Worldwide, some 70 million people suffer from an eating disorder. Anorexia nervosa has the highest mortality rate of all the emotional/mental disorders. In addition to those facts, there’s huge comorbidity with the mood and anxiety disorders. Definitely Chipur discussion material…

Laxative Abuse: Repeated, frequent use of laxatives to eliminate unwanted calories, lose weight, ‘feel thin,’ or ‘feel empty.’ Reference Karen Carpenter’s cause of death.

I loved Karen Carpenter – still do. Karen died in 1983 at the age of 32. Her death was attributed to emetine (a drug used to induce vomiting, produced from the ipecac root) cardiotoxicity as a consequence of anorexia nervosa. (True confession: To this day I choke-up when I hear the Carpenters song, “Rainy Days and Mondays.”)

Given the eating disorders’ relationship with the mood and anxiety disorders, it’s been on my mind for some time to post a general need-to-know piece. It’s my hope that the exposure and information will motivate those who know, or suspect, they need treatment to step forth from the shadows and get the help they need – deserve.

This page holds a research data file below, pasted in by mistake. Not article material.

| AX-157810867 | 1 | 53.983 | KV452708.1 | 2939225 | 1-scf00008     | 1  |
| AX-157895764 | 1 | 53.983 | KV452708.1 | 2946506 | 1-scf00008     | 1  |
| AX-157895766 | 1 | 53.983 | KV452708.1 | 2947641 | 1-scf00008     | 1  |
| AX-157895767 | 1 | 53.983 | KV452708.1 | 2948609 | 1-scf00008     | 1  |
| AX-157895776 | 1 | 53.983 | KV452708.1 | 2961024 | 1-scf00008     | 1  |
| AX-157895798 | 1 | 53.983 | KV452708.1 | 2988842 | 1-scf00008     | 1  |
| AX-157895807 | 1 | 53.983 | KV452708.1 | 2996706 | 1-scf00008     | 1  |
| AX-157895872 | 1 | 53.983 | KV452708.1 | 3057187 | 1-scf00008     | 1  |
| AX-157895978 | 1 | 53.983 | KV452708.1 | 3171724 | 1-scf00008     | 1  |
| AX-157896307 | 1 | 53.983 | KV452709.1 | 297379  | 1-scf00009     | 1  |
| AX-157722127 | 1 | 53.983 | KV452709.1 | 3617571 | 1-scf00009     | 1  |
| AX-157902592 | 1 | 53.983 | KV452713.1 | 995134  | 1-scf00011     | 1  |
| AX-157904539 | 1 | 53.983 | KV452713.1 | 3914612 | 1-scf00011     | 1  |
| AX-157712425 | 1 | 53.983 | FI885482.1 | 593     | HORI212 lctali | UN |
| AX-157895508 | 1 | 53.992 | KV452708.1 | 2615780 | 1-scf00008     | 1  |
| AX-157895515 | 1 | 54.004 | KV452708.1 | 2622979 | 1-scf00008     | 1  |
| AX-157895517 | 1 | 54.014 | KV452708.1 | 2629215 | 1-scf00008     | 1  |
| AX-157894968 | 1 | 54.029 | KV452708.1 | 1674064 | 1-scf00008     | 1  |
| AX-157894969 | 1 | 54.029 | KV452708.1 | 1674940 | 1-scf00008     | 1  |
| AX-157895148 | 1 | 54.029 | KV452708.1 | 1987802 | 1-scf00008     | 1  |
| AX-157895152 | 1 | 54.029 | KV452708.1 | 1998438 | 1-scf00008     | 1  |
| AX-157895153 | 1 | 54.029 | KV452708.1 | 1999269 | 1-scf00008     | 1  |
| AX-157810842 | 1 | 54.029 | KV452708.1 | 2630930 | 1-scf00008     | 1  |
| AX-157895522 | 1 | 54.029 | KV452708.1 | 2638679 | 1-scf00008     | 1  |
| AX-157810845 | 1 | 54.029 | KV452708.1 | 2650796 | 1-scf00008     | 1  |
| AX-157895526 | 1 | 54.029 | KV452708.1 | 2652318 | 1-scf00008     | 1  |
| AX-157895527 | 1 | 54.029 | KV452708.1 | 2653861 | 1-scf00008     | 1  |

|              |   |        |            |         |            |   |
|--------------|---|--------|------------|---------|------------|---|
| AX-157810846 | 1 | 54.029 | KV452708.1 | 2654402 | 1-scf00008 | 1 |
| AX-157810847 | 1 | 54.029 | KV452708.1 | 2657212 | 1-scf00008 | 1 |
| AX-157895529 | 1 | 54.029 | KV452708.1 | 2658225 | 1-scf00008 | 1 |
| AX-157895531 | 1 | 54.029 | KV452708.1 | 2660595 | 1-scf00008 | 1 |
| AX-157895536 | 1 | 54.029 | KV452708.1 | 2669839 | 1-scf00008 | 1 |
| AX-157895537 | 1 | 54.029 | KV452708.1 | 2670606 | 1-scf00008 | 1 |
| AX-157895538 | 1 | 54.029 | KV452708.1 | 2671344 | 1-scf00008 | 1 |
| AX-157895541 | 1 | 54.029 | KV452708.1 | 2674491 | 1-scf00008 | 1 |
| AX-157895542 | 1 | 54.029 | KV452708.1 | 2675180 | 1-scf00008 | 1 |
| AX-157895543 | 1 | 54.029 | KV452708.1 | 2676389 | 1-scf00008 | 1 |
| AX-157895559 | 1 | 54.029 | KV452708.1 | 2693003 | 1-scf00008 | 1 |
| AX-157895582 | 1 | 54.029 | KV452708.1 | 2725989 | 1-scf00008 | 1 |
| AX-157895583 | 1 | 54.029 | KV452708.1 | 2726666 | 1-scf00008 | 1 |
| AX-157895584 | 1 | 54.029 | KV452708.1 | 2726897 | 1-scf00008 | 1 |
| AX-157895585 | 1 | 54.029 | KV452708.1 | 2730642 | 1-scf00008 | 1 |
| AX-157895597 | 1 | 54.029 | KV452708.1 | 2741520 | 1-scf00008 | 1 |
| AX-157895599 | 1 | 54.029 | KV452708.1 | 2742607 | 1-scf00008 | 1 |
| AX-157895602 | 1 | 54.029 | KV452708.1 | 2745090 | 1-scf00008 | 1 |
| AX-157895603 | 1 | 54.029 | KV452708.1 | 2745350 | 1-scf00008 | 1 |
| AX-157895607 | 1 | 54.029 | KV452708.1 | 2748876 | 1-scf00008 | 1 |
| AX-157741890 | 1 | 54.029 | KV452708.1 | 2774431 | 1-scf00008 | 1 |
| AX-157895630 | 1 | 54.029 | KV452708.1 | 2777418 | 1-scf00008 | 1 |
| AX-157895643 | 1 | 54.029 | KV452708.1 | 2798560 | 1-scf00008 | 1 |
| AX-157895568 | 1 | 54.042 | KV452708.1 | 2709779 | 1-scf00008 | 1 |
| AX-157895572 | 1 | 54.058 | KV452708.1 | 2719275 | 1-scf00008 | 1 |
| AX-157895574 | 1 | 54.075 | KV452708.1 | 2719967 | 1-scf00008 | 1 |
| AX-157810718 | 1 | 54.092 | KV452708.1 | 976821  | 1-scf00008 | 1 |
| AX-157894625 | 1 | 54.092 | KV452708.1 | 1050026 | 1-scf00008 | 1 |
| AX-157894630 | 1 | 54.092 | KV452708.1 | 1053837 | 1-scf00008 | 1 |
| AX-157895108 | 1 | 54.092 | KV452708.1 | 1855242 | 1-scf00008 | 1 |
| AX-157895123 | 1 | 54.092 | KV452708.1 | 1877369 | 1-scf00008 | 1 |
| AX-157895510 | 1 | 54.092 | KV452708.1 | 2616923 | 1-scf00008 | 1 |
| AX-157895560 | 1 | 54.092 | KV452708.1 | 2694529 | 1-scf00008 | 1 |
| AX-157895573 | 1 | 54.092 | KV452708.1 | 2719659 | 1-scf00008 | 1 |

This is going to be a longie, but it needs to be. Go ahead and print it. It’ll make for easier reading and you’ll have it handy for future reference. And pass the article along to a friend or loved one in need.

Speaking of reference, I turned to the National Eating Disorders Association (NEDA).

Eating Disorders: What Are They?

The eating disorders are in many ways serious business, and they can impact people of every age, sex, gender, race, ethnicity, and socioeconomic group. Though the cause is unknown, the convergence of a range of biological, psychological, and sociocultural factors is likely involved. That’s sort of how it goes with the emotional/mental disorders, isn’t it?

Disorder by disorder, let’s do the highlights…

  • Anorexia Nervosa: Weight loss (or lack of appropriate weight gain in growing children); trouble maintaining an appropriate weight for height, age, and stature; and, in many, distorted body image. Common are calorie and food types restriction, purging (vomiting, laxative use), compulsive exercise, and binge eating.